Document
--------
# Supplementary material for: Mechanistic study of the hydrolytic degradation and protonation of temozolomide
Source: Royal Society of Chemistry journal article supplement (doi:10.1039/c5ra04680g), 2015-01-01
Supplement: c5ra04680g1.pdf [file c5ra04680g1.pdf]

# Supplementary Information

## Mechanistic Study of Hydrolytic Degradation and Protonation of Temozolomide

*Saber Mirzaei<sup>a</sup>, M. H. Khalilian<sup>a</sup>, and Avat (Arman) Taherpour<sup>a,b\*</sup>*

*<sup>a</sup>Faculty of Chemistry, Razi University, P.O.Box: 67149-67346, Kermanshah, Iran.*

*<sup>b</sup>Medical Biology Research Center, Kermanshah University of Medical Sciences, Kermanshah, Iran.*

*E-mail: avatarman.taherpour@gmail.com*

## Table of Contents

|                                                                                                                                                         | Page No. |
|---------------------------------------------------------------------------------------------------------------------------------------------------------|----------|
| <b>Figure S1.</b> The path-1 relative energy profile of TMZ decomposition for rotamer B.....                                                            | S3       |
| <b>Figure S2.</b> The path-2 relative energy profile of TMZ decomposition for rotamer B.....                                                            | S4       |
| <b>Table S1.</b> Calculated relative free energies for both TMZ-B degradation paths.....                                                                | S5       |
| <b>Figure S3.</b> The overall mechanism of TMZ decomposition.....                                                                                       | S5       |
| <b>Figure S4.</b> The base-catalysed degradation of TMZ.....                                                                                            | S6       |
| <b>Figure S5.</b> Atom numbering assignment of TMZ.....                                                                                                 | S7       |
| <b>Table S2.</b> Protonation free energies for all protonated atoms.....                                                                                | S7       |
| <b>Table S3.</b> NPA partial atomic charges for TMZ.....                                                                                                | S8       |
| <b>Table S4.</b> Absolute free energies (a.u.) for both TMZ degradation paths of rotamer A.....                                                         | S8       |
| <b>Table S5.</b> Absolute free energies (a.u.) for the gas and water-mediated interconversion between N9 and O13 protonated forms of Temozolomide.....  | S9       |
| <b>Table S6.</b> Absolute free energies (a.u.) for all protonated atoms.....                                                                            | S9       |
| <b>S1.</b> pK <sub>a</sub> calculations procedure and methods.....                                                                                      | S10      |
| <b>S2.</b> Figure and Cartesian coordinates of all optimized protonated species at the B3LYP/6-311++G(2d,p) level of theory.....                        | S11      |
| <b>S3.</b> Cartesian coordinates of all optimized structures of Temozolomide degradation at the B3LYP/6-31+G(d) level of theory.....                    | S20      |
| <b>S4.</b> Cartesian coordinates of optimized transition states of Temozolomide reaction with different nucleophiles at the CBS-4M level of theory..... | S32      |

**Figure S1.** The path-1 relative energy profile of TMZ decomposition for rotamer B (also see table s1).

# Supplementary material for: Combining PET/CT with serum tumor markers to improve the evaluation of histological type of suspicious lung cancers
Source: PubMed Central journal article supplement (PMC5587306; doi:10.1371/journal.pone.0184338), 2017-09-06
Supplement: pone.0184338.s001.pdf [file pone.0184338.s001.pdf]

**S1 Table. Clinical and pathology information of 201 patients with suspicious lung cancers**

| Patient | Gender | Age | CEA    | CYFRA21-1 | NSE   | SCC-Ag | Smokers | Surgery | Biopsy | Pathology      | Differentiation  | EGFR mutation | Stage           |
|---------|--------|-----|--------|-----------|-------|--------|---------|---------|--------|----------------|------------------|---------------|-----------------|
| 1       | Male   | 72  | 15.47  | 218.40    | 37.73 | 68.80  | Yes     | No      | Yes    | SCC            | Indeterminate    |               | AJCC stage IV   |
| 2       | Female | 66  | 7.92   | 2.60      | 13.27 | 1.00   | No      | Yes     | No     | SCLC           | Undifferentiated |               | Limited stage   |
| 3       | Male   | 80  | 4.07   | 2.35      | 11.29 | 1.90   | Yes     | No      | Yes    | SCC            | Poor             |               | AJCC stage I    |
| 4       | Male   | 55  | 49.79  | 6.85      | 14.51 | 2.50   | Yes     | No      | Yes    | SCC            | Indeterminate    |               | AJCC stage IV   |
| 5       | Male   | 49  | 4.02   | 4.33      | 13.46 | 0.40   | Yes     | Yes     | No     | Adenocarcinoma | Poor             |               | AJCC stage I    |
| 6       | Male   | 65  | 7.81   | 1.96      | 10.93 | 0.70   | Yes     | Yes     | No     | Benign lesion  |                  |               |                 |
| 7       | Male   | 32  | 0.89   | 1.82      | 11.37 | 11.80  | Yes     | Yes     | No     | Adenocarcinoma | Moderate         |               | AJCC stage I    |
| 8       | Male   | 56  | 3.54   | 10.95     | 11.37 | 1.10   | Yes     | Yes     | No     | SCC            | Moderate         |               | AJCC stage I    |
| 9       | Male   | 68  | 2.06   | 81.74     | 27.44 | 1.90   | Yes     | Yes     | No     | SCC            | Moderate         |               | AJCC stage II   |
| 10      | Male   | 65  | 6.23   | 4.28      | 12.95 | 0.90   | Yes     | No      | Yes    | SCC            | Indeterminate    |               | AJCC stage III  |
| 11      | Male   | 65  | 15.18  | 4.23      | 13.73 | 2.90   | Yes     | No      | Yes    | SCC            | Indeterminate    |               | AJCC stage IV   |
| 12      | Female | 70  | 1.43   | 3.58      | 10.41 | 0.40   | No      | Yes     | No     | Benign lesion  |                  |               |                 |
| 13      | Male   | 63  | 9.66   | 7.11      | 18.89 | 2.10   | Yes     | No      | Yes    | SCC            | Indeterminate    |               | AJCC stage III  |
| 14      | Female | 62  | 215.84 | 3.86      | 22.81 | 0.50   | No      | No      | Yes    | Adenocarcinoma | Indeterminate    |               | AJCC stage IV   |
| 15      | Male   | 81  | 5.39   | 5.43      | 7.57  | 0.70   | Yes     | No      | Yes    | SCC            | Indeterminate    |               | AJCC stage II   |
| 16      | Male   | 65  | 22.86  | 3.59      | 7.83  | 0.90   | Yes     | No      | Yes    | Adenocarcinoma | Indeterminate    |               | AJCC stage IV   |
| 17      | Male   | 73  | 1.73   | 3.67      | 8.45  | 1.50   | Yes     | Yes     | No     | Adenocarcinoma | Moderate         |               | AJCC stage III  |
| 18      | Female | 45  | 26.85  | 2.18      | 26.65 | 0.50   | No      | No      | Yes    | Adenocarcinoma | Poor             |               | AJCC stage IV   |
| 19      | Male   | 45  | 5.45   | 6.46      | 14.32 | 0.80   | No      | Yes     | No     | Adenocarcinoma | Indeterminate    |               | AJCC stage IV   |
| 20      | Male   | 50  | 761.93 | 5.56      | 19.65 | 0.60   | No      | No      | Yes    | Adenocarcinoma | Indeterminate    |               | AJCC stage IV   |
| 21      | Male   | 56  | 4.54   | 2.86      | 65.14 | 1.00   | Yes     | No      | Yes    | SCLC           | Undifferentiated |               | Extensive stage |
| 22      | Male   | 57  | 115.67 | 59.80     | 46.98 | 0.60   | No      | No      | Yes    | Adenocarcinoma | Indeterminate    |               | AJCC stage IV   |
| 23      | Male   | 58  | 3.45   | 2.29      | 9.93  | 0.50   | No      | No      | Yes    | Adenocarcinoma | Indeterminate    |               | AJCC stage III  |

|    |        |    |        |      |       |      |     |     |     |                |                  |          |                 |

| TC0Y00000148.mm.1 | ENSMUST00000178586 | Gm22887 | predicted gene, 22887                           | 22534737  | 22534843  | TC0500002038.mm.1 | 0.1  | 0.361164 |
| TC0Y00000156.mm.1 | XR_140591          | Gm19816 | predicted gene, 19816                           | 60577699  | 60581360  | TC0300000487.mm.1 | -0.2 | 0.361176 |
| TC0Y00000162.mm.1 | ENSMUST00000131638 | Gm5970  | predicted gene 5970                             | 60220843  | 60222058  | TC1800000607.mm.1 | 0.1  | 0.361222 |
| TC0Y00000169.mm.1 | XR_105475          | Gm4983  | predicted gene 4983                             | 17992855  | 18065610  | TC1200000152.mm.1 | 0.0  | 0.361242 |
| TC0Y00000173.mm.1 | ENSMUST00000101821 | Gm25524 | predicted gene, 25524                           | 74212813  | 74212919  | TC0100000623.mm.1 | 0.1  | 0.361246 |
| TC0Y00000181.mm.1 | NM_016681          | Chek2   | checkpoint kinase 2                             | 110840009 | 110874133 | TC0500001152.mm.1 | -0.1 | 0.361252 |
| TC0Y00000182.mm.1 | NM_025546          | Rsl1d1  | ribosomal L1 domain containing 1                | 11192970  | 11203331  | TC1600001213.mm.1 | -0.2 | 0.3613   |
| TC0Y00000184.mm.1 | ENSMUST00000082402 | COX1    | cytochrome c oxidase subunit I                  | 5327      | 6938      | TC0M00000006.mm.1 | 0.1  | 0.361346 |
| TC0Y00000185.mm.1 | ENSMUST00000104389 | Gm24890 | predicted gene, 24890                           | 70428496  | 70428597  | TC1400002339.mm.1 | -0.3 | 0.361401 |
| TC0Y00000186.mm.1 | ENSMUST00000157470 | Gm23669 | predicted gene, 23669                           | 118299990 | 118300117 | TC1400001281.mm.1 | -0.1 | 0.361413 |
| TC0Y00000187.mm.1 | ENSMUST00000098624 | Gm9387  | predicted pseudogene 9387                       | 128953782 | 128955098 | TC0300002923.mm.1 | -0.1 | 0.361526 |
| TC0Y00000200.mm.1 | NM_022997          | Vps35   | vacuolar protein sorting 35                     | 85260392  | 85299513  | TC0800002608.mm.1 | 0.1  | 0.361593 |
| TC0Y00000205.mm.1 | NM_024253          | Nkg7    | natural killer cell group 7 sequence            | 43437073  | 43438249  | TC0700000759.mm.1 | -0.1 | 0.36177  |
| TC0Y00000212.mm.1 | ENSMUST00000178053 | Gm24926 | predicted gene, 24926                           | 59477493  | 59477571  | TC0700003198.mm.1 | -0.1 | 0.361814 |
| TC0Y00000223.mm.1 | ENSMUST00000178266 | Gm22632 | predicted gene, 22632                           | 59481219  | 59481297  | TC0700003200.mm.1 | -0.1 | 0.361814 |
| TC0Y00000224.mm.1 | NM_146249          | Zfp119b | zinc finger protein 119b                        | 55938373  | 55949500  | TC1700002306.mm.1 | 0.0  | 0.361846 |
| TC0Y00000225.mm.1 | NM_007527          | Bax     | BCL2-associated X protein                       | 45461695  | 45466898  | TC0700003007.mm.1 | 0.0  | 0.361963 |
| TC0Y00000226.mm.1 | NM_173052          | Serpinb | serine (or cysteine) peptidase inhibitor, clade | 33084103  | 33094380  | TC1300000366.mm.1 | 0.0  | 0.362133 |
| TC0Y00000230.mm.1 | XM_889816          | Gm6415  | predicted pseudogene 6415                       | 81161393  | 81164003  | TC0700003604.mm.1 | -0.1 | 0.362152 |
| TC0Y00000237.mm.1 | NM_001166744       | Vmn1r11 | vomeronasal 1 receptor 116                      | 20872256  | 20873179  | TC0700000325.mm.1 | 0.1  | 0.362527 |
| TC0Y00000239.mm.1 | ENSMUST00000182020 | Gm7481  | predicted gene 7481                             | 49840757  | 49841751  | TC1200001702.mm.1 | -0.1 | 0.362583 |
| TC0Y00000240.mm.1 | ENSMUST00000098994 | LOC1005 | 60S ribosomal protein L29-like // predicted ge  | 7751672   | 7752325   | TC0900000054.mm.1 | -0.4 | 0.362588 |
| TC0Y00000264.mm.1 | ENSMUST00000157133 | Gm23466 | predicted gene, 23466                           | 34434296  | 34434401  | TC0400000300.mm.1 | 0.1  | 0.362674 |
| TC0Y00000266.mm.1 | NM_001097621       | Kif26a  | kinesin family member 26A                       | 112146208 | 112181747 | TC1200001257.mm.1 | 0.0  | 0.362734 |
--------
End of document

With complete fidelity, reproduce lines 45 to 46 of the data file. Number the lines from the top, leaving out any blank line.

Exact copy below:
| 11      | Male   | 65  | 15.18  | 4.23      | 13.73 | 2.90   | Yes     | No      | Yes    | SCC            | Indeterminate    |               | AJCC stage IV   |
| 12      | Female | 70  | 1.43   | 3.58      | 10.41 | 0.40   | No      | Yes     | No     | Benign lesion  |                  |               |                 |